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MUMBAI : With the glut in liquidity continuing to squeeze margins, a clutch of state-run lenders is trying to convince top-rated private and state-owned borrowers to avail loans benchmarked to the marginal cost of funds-based lending rate (MCLR) instead of rates linked to treasury bills.

MCLR is an internal rate of the bank, while treasury, or T-bills, is an external benchmark. While the Reserve Bank of India (RBI) has mandated banks to lend to retail and small business customers based only on an external benchmark, corporate loans are primarily linked to MCLR. However, AAA-rated companies tend to raise credit on T-bill rates as it turns out cheaper, said bankers.

“The public and private sectors’ AAA-rated companies raise bonds at rates lower than our MCLR. Therefore, they take bank loans only if we offer a lower rate," said a senior banker, seeking anonymity.

For instance, AAA-rated borrowers could avail working capital loans at, say, 4.5-5.5% with the 91-day treasury bill, typically used to price short-term corporate loans, at 3.77% as of 18 March. However, loans based on the median one-year MCLR rate for banks, which stood at 7.2% in February, could take the final rate up by another 20 basis points after adding a spread, the banker added. The three-month MCLR for State Bank of India is a bit lower at 6.65%. One basis point is 0.01%.

According to the banker, treasury departments of corporates are also discussing if they should move away from the T-bill benchmark now that a rate hike is imminent.

While T-bill rates would immediately move upwards on repo rate hikes, MCLR rates, based on bank’s deposit rates, would take more time to adjust, giving borrowers more room.

“Moving away from T-bill would also help top corporates in the long term once the interest rate cycle turns. We are discussing the issue with some large borrowers," he added.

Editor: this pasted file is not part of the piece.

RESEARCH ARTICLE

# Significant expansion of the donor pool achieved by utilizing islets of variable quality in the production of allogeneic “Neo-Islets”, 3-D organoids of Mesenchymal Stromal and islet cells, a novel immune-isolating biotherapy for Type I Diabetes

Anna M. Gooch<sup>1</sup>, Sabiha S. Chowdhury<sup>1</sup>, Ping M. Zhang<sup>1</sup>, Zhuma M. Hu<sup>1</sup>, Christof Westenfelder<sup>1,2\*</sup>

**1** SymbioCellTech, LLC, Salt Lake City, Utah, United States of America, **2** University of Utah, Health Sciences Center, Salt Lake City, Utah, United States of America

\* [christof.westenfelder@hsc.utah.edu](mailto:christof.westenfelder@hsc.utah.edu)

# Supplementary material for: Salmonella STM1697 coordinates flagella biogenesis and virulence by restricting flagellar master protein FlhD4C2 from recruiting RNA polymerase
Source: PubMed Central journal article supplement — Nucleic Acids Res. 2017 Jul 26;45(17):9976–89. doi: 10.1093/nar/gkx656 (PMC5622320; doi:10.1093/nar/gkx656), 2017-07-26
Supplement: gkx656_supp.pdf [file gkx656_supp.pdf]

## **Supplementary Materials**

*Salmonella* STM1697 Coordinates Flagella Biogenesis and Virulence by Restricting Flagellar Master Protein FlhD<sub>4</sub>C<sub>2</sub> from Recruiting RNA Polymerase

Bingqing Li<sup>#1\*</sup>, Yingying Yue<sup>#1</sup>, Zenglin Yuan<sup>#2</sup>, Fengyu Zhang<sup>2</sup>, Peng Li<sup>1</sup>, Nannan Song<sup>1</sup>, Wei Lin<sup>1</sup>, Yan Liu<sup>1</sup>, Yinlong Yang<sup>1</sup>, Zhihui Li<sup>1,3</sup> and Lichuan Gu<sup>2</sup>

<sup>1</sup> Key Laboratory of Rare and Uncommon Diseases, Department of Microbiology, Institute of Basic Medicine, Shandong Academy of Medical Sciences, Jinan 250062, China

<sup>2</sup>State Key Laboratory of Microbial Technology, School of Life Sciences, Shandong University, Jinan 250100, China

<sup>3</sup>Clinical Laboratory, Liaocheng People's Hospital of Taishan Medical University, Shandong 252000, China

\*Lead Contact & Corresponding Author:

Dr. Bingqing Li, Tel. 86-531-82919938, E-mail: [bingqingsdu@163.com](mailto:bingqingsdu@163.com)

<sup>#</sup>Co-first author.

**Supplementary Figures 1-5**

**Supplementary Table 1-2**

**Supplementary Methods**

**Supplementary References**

However, surplus liquidity has also pitted one bank against another, and lenders that are happy to accept lower margins for more volumes are luring borrowers away.

Net liquidity surplus stood at 5.5 trillion as of 24 March.

Experts said the banks’ decision to nudge borrowers away from T-bill rates could be partly due to RBI’s decision to introduce the variable rate reverse repo (VRRR) as a part of the liquidity operations. The VRRR scheme has led to higher returns on money parked with the central bank, while conserving capital.

“Now that VRRR auctions of RBI have been introduced, wherein rates are coming in close to the repo, the returns on surplus liquidity have improved," said Anil Gupta, vice president, financial sector ratings, Icra Ratings.

While T-bill rates have increased, they still remain below the repo rate, said Gupta. Borrowers understand that sooner or later, the monetary policy committee (MPC) would hike the repo rate and when that happens, T-bill rates would go up much faster than the MCLR benchmark, and it may make sense for corporate borrowers to use the T-bill rate only if the difference with MCLR is 120-150 bps, he added.

With rising global commodity prices upsetting its inflation forecast, RBI is expected to change its stance to neutral from accommodative at its April or June policy review. Experts also said the MPC’s inflation forecast for FY23, at 4.5%, have to be revised upwards.

Icra Ratings said in a note on 24 March that the consumer price index (CPI)-based inflation is projected to average 5.6% in FY23, well above the MPC’s projection.

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